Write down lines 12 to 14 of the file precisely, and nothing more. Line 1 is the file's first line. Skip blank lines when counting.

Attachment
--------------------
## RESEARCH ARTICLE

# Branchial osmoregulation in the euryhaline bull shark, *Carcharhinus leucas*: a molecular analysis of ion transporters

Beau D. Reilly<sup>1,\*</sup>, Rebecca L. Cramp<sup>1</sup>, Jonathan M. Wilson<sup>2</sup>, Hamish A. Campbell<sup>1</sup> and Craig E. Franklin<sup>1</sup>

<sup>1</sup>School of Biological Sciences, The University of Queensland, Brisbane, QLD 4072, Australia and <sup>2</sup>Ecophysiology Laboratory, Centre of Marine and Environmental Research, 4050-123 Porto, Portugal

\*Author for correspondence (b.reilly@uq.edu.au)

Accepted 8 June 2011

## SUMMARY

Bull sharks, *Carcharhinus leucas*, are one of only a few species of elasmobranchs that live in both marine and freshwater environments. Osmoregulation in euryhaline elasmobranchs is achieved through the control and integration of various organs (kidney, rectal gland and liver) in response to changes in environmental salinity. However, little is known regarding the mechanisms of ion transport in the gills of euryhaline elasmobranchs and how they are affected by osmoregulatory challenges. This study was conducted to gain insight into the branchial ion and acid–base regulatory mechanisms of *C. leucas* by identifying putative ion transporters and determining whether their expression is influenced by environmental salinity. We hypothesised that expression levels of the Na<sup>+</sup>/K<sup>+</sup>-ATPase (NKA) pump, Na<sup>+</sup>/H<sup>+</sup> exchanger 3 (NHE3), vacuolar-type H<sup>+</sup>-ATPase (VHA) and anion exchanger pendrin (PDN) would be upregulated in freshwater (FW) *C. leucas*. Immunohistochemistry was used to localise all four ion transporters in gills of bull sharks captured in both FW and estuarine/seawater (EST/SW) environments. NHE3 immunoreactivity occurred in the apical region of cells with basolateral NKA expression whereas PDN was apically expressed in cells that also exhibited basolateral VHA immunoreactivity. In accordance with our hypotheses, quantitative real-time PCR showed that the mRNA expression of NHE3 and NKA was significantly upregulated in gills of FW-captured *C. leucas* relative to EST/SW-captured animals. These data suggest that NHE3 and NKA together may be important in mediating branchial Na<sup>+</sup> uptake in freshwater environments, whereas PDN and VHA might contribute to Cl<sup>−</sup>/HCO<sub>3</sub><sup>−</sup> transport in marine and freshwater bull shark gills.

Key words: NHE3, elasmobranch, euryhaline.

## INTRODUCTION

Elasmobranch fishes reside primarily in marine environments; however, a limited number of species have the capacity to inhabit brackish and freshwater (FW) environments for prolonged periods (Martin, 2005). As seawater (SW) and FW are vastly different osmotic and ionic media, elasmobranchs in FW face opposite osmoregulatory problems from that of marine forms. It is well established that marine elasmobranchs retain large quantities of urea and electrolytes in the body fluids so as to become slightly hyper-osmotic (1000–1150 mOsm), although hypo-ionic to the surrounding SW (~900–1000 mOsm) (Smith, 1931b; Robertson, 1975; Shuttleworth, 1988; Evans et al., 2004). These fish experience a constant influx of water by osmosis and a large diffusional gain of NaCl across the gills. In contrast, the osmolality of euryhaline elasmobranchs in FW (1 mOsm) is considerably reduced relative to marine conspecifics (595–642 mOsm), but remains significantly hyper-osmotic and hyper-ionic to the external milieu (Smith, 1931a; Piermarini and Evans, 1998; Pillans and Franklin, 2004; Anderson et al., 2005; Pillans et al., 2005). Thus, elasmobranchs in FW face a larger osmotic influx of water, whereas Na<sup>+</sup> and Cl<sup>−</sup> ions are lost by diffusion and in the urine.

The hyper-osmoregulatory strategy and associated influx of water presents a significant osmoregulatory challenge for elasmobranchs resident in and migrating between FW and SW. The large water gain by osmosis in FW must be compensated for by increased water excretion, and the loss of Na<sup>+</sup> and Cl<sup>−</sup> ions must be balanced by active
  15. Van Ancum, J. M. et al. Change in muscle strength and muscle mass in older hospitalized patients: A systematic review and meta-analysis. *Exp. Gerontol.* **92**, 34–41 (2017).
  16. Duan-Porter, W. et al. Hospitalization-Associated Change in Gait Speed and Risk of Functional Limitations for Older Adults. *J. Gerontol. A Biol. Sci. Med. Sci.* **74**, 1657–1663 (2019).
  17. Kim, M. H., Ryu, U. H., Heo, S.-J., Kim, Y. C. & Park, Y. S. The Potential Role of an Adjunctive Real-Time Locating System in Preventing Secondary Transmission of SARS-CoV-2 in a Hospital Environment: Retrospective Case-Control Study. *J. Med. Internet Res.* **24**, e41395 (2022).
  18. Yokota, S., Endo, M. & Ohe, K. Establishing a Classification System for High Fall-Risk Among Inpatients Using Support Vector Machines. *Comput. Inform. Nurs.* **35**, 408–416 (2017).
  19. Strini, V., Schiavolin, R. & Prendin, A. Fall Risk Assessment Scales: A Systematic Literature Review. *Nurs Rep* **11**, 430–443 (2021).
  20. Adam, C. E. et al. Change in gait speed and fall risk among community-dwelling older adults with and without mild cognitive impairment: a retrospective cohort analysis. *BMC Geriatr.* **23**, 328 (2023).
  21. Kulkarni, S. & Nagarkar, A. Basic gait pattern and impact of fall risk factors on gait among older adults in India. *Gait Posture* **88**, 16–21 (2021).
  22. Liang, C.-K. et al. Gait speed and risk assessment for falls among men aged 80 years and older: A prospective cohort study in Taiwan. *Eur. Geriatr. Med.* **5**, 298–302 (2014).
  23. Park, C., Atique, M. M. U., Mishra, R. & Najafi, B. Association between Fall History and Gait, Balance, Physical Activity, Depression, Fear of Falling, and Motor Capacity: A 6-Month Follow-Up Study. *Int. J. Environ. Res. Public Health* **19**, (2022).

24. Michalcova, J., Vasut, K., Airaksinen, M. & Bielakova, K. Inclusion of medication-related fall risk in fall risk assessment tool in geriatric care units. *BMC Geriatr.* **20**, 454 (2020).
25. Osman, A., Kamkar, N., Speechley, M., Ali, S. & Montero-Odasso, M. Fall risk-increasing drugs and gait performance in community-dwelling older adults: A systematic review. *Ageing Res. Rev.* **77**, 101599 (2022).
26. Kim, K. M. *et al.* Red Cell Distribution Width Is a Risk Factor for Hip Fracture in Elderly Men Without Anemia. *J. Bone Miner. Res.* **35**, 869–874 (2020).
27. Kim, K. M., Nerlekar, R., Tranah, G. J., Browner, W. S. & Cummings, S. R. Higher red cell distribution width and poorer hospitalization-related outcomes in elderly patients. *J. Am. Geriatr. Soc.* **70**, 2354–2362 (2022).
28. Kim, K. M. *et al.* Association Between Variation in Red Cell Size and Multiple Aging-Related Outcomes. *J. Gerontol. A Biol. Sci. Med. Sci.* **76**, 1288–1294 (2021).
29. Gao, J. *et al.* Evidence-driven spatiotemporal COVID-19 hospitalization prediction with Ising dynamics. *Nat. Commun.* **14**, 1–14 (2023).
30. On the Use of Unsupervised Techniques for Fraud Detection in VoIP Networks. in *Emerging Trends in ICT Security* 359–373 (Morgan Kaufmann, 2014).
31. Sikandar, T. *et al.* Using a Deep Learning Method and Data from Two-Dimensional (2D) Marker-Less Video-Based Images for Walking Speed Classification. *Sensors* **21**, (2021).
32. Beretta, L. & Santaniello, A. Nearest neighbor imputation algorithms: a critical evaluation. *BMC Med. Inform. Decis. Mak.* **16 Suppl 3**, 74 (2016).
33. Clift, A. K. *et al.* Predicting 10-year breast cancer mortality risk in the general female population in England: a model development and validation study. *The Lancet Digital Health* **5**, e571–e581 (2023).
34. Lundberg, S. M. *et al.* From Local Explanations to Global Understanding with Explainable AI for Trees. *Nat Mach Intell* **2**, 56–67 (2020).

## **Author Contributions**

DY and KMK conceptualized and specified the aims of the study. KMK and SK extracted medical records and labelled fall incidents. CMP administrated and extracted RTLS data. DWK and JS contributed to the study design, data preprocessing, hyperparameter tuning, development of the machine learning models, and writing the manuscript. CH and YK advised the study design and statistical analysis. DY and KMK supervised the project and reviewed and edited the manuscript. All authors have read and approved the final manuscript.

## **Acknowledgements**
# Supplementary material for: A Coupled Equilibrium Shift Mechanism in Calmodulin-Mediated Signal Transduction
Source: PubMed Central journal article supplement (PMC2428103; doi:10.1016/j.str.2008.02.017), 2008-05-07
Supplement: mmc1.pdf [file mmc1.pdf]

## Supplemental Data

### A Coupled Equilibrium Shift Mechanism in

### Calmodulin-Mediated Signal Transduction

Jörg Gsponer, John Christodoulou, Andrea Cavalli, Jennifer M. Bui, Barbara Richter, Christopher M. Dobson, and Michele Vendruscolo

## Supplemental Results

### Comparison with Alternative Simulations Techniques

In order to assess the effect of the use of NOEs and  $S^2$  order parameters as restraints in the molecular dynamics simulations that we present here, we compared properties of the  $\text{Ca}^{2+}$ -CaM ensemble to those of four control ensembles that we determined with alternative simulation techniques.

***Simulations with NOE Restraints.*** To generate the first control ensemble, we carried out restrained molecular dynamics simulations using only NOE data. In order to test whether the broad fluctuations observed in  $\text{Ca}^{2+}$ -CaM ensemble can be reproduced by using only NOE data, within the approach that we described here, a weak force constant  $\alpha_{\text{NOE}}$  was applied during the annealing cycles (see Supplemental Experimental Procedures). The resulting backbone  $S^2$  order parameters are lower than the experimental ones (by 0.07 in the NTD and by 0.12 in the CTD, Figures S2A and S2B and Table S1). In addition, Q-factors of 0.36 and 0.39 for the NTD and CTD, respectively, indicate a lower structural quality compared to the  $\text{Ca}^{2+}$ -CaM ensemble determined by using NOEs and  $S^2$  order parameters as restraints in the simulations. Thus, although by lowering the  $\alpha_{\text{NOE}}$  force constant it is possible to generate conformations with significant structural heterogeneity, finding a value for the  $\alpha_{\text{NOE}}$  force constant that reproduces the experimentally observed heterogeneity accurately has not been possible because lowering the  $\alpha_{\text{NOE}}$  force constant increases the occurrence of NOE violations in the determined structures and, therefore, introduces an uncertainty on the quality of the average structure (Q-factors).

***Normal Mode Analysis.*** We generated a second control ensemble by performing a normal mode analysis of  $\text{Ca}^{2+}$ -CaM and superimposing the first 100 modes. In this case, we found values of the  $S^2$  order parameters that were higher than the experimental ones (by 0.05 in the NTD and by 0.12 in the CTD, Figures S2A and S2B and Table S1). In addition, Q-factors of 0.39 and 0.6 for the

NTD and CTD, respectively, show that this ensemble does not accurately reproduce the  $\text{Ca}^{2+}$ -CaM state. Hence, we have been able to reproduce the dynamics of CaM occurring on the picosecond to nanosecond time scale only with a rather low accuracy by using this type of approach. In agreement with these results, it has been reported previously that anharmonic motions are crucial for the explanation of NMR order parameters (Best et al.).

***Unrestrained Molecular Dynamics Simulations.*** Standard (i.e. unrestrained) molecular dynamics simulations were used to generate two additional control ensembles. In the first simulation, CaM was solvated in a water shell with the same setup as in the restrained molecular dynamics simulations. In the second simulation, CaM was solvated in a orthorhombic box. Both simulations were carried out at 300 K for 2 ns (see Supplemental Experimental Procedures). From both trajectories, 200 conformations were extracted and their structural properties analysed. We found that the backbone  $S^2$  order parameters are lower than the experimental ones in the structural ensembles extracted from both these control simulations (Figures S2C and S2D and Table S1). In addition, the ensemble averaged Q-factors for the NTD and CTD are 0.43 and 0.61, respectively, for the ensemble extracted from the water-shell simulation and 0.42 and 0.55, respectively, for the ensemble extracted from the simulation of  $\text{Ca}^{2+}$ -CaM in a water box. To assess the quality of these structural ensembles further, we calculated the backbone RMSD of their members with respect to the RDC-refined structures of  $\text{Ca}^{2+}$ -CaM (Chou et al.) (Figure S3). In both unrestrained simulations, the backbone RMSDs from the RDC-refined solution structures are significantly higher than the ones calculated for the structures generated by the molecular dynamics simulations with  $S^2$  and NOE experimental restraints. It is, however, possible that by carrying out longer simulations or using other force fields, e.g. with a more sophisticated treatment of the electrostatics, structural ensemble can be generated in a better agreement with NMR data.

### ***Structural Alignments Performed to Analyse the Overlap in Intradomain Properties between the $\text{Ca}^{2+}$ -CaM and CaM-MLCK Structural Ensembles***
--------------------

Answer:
The hyper-osmoregulatory strategy and associated influx of water presents a significant osmoregulatory challenge for elasmobranchs resident in and migrating between FW and SW. The large water gain by osmosis in FW must be compensated for by increased water excretion, and the loss of Na<sup>+</sup> and Cl<sup>−</sup> ions must be balanced by active
  15. Van Ancum, J. M. et al. Change in muscle strength and muscle mass in older hospitalized patients: A systematic review and meta-analysis. *Exp. Gerontol.* **92**, 34–41 (2017).
  16. Duan-Porter, W. et al. Hospitalization-Associated Change in Gait Speed and Risk of Functional Limitations for Older Adults. *J. Gerontol. A Biol. Sci. Med. Sci.* **74**, 1657–1663 (2019).